Want to protect lives, reduce COVID and save money? Reform probation

Saturday, September 5, 2020

By Sydney Kamlager-Dove and Van Jones for the OC Register

California has been reeling this summer – battered by public unrest over abuses in the criminal justice system and the nation’s highest number of COVID-19 infections.

Fortunately, California just passed legislation that will address both issues by fixing the worst parts of the state’s probation system.

Most Californians don’t think about probation very much or very often. But probation is a massive surveillance system that functions like a spider’s web of Catch 22s – often undermining people’s best efforts to turn their lives around. Because it is so byzantine and punitive, it needlessly traps tens of thousands of Californians in the corrections system for the pettiest of misdeeds or even honest mistakes.

  • Cristopher Lalos violated his probation for going to his mother’s house, where his cousin, also on probation, lived.
  • Ulysses Rodriguez had his probation extended because he could not complete his final 12 hours of community service, helping to clean a beach, because of the COVID-19 pandemic.
  • Cruz Membrano, an Army veteran, violated probation for not keeping his probation officer advised of his permanent address after losing temporary housing and resorting to living on the streets.

Supervision systems were designed to support people and connect them to essential community services to facilitate success. But California’s system does the opposite by increasing the likelihood of reincarceration.

Nearly one-quarter of California’s prison population is behind bars for violating the terms of their probation or parole, costing the state $2 billion annually, according to analysis by the Justice Center at the Council of State Governments. Part of that expense is $235 million to incarcerate people for victimless, technical violations, such as breaking curfew or missing an appointment with a supervision officer.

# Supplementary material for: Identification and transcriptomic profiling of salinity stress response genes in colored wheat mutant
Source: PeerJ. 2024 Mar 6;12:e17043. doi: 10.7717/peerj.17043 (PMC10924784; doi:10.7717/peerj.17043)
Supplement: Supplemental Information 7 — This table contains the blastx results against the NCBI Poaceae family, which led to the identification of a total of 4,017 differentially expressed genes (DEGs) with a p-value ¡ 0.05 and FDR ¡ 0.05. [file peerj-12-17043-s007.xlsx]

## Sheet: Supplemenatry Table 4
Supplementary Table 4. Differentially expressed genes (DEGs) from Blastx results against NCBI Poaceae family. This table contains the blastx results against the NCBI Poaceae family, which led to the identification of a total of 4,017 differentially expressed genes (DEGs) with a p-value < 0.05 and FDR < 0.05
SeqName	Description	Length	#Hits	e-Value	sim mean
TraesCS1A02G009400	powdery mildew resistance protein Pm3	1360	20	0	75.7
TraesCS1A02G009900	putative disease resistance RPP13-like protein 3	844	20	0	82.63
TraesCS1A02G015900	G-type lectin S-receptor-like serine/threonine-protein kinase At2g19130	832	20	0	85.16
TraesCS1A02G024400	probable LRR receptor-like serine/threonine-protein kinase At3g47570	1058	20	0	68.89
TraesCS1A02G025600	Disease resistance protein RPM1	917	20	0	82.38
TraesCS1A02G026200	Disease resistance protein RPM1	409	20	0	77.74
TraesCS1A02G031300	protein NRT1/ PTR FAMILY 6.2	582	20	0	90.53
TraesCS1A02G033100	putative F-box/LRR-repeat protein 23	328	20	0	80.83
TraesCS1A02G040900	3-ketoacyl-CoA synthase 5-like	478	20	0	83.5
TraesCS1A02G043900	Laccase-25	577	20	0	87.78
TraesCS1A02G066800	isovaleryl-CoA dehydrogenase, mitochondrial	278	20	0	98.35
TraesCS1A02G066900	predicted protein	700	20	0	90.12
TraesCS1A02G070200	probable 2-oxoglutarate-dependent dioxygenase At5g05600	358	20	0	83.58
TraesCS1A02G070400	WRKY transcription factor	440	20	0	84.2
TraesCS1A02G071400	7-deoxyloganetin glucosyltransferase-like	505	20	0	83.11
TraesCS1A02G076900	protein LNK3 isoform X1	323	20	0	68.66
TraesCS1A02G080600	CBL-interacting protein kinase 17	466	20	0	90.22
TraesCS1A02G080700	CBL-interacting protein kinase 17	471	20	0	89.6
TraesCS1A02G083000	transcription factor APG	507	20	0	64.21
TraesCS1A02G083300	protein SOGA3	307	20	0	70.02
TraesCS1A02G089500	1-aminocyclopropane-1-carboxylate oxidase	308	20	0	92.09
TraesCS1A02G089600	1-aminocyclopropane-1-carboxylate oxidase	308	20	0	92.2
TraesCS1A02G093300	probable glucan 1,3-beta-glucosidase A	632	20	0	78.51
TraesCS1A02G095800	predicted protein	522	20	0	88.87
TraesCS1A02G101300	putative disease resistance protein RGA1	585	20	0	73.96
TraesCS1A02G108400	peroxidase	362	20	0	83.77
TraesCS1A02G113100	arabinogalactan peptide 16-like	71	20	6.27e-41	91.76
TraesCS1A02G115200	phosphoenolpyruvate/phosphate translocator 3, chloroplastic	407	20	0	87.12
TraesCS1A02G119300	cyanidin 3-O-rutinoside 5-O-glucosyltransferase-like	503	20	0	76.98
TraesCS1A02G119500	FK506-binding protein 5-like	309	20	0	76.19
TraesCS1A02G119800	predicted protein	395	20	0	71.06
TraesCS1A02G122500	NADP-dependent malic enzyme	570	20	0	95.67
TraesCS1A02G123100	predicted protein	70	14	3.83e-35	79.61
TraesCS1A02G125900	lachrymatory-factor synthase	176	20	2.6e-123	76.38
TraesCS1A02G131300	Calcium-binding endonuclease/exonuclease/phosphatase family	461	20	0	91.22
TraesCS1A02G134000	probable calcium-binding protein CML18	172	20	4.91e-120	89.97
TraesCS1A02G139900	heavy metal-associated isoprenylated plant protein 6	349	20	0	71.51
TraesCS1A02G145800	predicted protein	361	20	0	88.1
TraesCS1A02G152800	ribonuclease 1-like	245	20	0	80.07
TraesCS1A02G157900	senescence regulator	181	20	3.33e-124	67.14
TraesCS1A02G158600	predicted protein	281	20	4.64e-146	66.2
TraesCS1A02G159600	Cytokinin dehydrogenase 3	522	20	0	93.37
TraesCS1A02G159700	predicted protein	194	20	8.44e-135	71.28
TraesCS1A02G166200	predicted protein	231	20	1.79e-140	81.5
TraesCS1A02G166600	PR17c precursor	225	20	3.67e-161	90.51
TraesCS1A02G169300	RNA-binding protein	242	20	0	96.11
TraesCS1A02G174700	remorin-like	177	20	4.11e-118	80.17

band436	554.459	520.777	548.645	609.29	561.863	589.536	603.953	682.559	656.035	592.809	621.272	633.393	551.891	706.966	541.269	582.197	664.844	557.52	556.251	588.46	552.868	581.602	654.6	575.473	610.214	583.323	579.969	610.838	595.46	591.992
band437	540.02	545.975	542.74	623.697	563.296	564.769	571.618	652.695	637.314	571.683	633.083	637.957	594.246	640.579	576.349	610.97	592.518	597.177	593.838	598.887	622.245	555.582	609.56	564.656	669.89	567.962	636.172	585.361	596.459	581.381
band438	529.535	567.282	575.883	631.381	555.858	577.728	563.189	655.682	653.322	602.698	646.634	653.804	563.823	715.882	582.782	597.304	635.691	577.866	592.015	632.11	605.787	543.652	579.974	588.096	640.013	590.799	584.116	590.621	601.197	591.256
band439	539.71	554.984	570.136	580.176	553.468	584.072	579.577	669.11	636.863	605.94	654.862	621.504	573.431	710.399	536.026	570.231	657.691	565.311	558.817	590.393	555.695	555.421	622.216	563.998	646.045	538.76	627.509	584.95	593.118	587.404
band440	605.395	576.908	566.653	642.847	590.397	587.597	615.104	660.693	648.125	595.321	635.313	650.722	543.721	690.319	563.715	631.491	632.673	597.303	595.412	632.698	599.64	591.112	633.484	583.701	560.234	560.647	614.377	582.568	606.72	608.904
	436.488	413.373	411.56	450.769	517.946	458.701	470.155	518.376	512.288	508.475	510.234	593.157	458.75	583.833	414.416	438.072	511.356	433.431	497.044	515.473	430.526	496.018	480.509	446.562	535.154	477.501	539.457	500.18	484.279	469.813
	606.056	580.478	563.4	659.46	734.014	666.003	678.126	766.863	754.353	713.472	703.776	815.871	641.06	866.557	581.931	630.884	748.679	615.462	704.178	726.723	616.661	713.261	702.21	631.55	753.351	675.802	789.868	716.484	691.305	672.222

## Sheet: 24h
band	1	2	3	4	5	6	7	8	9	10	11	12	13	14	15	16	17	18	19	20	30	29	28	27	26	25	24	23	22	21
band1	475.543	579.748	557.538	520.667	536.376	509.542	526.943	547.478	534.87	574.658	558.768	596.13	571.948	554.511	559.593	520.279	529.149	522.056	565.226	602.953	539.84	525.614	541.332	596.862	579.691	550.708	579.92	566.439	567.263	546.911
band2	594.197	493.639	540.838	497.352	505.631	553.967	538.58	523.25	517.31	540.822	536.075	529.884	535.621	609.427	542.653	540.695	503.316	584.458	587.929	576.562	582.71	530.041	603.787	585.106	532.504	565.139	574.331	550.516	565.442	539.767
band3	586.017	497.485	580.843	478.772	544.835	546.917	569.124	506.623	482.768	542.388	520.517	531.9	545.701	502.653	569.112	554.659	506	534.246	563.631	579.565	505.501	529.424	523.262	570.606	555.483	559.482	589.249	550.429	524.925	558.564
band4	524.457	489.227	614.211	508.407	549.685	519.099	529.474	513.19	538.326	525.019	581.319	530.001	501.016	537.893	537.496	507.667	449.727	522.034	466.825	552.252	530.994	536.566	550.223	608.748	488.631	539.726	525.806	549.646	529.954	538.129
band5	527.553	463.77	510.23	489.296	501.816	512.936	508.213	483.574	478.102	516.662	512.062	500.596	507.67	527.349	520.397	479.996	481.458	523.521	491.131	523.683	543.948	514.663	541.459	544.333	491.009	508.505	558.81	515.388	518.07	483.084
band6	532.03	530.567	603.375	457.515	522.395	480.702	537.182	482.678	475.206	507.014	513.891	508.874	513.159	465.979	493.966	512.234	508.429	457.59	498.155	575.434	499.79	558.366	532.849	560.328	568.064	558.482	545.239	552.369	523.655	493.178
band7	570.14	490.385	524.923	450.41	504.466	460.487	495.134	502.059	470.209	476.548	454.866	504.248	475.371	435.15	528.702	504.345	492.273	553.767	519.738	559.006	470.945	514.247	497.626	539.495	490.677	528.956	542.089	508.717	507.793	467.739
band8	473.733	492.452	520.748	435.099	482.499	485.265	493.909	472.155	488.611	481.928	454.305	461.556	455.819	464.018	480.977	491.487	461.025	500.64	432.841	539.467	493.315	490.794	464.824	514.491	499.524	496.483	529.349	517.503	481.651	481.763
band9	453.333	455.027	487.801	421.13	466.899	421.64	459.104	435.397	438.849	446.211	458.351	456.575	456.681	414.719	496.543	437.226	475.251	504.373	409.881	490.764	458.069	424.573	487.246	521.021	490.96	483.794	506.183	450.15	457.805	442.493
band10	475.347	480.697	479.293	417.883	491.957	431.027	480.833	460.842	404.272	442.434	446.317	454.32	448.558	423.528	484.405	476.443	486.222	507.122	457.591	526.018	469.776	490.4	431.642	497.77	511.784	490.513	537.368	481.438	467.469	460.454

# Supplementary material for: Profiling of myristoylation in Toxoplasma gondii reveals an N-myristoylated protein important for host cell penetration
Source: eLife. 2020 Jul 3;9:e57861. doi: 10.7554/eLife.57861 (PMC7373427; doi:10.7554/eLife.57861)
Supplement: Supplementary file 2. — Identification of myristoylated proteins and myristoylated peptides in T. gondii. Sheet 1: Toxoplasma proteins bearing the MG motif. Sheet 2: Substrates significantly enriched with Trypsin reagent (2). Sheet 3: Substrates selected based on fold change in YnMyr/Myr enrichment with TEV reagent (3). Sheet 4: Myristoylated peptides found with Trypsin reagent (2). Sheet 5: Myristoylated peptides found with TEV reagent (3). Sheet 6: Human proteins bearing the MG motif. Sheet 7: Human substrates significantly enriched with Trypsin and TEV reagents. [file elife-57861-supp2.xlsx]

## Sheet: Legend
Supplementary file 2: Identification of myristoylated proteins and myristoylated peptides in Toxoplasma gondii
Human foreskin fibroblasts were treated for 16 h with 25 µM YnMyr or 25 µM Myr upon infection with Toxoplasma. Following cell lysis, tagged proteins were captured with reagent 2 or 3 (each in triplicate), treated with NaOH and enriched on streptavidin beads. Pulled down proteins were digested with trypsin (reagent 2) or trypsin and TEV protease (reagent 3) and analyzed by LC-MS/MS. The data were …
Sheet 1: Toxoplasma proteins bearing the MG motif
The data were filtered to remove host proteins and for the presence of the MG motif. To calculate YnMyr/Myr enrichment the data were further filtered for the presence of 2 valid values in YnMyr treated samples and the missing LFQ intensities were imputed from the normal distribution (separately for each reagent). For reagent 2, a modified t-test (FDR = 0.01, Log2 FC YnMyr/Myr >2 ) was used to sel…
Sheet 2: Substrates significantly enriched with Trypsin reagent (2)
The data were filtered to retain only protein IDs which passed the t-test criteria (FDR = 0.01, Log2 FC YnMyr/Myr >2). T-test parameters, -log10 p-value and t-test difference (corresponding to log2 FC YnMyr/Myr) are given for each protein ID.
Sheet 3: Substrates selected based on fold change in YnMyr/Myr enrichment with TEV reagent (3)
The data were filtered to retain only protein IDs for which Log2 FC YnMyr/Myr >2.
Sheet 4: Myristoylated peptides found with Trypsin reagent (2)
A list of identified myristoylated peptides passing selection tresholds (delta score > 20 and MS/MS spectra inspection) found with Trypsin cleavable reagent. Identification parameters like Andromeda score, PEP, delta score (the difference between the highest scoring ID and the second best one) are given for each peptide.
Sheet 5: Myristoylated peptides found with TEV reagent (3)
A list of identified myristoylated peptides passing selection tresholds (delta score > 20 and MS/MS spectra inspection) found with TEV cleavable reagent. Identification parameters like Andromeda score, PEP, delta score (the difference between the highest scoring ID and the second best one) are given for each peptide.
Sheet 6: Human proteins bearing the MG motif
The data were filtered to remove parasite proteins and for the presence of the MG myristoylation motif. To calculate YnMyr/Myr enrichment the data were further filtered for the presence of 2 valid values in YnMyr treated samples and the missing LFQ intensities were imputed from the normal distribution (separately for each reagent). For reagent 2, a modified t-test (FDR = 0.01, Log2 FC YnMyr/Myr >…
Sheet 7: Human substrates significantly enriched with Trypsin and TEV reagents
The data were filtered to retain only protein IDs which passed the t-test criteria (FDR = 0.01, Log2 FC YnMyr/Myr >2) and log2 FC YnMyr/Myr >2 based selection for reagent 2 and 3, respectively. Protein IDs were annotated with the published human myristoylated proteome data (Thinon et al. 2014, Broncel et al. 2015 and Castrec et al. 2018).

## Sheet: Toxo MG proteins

The public safety benefits of reform multiply during the COVID-19 pandemic. Given the difficulties of physical distancing within jails and prisons, we must ensure that we are not locking up anyone who does not need to be in jail for the sake of everyone.

Probation officers are woefully overburdened in California, with many of them juggling overwhelming numbers of cases, short-changing people on probation and generating adverse public safety impacts. Reducing the burden on probation officers would enable them to identify specific needs in each case and elicit more meaningful and measurable progress toward rehabilitation.

With California facing significant budget cuts, reform legislation would free up space for probation departments to allocate more resources to anti-recidivism programs, mental health and drug treatment and other essential services.

California’s probation system also disproportionately hurts Black people, who make up 8 percent of the state’s general population but 23 percent of people on probation.

Assembly Bill 1950 will reform California’s probation system. It limits adult terms to a maximum of one year for misdemeanor offenses and two years for felony offenses. This legislation would minimize unnecessary interaction between law enforcement and Californians. It will reduce the spread of COVID-19, cut spending and make our communities safer.

AB1950 caps probation periods for certain offenses, making probation more effective and thereby strengthening reentry and cutting recidivism. Lowering probation periods for misdemeanors will enable California to reinvest savings into mental health treatment and other critical support services needed by people returning to communities after incarceration.

Opponents are afraid that reduced probation terms will result in reduced funding for probation departments. But limiting terms should not limit a department’s ability to support people on probation with programming and accountability.